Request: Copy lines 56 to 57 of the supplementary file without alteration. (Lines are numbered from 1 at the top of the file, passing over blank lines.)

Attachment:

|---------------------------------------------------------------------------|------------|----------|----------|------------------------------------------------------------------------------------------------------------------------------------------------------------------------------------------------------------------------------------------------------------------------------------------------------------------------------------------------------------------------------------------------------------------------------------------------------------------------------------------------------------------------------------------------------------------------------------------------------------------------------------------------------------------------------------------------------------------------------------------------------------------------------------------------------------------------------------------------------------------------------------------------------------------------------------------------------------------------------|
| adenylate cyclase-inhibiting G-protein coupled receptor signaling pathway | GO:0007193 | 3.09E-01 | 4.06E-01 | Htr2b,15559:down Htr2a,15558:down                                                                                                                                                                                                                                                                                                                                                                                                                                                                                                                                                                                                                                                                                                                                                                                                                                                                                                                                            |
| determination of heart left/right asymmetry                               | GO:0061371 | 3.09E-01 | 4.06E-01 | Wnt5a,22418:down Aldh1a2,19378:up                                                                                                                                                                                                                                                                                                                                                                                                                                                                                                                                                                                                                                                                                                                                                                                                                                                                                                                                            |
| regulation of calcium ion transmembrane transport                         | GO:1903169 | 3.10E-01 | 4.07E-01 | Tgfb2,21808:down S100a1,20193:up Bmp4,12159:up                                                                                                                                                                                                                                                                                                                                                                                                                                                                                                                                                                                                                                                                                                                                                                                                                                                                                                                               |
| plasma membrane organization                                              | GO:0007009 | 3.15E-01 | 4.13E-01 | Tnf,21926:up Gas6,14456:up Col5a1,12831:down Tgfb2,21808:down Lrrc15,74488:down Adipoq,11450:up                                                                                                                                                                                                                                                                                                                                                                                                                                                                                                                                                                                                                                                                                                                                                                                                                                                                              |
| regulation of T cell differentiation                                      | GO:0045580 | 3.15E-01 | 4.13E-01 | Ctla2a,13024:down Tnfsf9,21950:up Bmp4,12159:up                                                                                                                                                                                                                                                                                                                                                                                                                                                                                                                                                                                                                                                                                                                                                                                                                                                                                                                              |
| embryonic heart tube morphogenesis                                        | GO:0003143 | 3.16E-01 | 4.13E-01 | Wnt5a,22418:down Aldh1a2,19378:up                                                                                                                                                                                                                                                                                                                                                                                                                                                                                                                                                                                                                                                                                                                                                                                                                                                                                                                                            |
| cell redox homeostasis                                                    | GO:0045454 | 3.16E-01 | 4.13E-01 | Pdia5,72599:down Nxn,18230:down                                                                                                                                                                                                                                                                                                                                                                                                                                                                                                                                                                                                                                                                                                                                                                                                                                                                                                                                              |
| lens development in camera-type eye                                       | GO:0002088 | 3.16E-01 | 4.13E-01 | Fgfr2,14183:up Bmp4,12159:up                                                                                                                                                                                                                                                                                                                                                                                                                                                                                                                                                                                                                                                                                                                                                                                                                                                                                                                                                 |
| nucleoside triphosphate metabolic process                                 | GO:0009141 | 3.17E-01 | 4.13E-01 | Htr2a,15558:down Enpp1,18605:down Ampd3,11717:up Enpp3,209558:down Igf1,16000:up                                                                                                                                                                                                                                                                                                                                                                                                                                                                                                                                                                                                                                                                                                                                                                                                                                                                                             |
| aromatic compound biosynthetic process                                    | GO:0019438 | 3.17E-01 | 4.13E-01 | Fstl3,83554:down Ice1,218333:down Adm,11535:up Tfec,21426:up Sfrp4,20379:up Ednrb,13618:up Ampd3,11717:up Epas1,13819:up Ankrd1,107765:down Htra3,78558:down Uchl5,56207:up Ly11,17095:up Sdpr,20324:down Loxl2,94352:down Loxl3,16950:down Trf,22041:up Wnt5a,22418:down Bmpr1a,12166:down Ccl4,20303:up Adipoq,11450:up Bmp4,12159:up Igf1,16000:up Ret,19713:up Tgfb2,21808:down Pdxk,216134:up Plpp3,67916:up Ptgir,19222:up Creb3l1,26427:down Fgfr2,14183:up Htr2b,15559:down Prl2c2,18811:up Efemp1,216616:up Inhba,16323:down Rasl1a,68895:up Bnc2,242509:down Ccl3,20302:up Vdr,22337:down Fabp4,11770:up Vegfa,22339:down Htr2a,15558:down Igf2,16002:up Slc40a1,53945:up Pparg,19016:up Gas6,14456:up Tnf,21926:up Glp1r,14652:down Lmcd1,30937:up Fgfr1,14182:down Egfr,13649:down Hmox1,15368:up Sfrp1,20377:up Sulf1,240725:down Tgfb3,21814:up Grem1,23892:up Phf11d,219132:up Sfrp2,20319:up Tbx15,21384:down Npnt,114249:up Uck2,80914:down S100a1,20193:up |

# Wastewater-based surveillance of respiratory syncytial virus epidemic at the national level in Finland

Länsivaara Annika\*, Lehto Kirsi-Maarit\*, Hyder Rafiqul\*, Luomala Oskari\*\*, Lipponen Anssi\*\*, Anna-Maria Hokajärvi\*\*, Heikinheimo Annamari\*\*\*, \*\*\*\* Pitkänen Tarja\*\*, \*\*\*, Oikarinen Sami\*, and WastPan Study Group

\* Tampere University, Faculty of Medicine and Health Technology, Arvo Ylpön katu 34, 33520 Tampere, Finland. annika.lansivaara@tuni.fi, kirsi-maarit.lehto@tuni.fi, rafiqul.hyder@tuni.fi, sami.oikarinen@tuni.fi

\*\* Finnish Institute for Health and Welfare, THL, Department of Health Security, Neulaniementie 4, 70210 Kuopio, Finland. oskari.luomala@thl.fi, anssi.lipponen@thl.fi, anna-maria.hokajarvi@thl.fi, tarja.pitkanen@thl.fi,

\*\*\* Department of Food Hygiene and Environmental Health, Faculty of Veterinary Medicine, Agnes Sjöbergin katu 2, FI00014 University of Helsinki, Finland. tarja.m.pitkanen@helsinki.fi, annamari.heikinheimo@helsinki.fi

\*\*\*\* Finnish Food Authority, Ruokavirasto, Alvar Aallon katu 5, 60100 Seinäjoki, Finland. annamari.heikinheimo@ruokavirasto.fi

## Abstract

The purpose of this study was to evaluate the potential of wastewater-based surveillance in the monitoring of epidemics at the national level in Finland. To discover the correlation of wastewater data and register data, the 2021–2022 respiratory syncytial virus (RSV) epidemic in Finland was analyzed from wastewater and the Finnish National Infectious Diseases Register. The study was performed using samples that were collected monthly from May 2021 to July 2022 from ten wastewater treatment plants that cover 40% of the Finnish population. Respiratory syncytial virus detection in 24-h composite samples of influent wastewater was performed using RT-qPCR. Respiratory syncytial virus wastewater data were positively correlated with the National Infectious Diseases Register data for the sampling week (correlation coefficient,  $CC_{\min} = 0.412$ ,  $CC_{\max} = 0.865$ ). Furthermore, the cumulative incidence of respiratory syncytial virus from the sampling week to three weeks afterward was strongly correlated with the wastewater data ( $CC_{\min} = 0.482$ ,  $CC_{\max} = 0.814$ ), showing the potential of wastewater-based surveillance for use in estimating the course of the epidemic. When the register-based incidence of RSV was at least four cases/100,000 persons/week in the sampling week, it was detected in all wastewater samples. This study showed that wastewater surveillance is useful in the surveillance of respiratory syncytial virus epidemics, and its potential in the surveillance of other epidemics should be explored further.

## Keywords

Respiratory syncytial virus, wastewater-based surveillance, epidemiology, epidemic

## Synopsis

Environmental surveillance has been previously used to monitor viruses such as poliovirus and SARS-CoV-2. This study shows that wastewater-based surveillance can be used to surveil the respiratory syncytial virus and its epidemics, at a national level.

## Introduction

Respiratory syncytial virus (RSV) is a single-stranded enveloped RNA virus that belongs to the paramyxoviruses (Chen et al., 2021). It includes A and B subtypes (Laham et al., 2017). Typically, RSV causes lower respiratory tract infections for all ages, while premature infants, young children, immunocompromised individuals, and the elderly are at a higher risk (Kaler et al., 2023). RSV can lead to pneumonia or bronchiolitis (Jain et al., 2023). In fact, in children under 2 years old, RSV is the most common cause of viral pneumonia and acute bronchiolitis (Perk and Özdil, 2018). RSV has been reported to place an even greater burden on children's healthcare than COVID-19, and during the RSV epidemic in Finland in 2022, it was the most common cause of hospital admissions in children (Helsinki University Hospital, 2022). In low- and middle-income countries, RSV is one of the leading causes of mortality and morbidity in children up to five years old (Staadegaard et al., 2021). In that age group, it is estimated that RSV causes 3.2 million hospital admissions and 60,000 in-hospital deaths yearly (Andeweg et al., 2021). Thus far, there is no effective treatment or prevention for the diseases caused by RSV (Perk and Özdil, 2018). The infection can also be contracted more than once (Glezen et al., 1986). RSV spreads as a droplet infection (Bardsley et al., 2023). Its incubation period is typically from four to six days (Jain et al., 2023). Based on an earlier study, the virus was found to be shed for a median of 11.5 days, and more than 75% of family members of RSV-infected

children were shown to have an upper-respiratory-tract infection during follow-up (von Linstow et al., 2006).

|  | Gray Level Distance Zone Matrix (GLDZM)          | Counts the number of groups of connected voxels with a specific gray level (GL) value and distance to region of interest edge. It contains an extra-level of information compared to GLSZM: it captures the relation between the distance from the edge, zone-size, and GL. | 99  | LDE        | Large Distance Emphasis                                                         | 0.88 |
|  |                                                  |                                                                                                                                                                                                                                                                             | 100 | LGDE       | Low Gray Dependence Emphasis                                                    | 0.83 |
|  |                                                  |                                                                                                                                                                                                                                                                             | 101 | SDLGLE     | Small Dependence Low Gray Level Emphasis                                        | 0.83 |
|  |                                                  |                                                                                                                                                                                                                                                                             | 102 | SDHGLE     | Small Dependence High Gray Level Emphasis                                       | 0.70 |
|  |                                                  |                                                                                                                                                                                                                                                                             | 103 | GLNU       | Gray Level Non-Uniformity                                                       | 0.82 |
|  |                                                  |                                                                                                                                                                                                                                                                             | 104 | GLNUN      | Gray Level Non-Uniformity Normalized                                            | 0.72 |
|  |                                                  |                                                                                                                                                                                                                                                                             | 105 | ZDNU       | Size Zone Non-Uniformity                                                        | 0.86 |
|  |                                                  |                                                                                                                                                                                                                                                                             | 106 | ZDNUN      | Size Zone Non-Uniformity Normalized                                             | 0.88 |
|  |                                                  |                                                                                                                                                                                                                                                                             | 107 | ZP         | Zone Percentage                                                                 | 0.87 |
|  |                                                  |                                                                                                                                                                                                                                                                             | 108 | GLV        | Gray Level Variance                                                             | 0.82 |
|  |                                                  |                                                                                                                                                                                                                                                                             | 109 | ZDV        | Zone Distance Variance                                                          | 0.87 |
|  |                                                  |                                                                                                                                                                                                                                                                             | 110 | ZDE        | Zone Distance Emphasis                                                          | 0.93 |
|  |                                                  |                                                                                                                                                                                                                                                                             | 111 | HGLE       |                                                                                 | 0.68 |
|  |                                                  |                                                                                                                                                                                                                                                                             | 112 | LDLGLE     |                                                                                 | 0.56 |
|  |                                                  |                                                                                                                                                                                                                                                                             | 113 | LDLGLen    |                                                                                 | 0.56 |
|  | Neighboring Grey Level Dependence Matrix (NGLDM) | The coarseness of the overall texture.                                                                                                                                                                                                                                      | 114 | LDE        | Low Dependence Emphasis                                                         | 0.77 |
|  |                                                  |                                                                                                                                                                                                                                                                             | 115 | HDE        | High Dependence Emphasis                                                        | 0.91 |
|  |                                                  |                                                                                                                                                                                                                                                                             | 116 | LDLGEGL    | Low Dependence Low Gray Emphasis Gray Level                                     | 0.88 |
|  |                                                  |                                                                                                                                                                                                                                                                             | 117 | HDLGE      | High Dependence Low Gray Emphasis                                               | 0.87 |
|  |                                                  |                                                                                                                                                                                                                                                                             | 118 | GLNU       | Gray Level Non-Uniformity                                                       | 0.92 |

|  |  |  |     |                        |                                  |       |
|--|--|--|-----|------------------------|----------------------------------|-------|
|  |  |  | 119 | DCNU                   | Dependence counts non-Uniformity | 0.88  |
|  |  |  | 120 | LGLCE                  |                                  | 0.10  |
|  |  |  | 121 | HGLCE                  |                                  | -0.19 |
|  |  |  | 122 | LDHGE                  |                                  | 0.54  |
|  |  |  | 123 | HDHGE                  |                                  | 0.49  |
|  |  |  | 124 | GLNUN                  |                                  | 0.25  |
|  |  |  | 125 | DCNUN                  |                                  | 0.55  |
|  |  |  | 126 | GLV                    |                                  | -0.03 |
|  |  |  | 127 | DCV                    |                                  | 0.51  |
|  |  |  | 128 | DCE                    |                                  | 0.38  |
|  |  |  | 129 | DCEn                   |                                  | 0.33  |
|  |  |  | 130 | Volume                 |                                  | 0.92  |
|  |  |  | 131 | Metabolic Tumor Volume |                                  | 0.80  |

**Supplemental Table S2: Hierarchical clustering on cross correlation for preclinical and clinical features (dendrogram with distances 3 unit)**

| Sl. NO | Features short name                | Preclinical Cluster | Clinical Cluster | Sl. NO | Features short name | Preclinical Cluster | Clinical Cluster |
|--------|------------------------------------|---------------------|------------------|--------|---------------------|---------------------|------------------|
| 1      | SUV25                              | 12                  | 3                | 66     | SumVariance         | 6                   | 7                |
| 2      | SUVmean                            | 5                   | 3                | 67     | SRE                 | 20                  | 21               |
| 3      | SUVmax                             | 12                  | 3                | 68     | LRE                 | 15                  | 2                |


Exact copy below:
|  |  |  | 126 | GLV                    |                                  | -0.03 |
|  |  |  | 127 | DCV                    |                                  | 0.51  |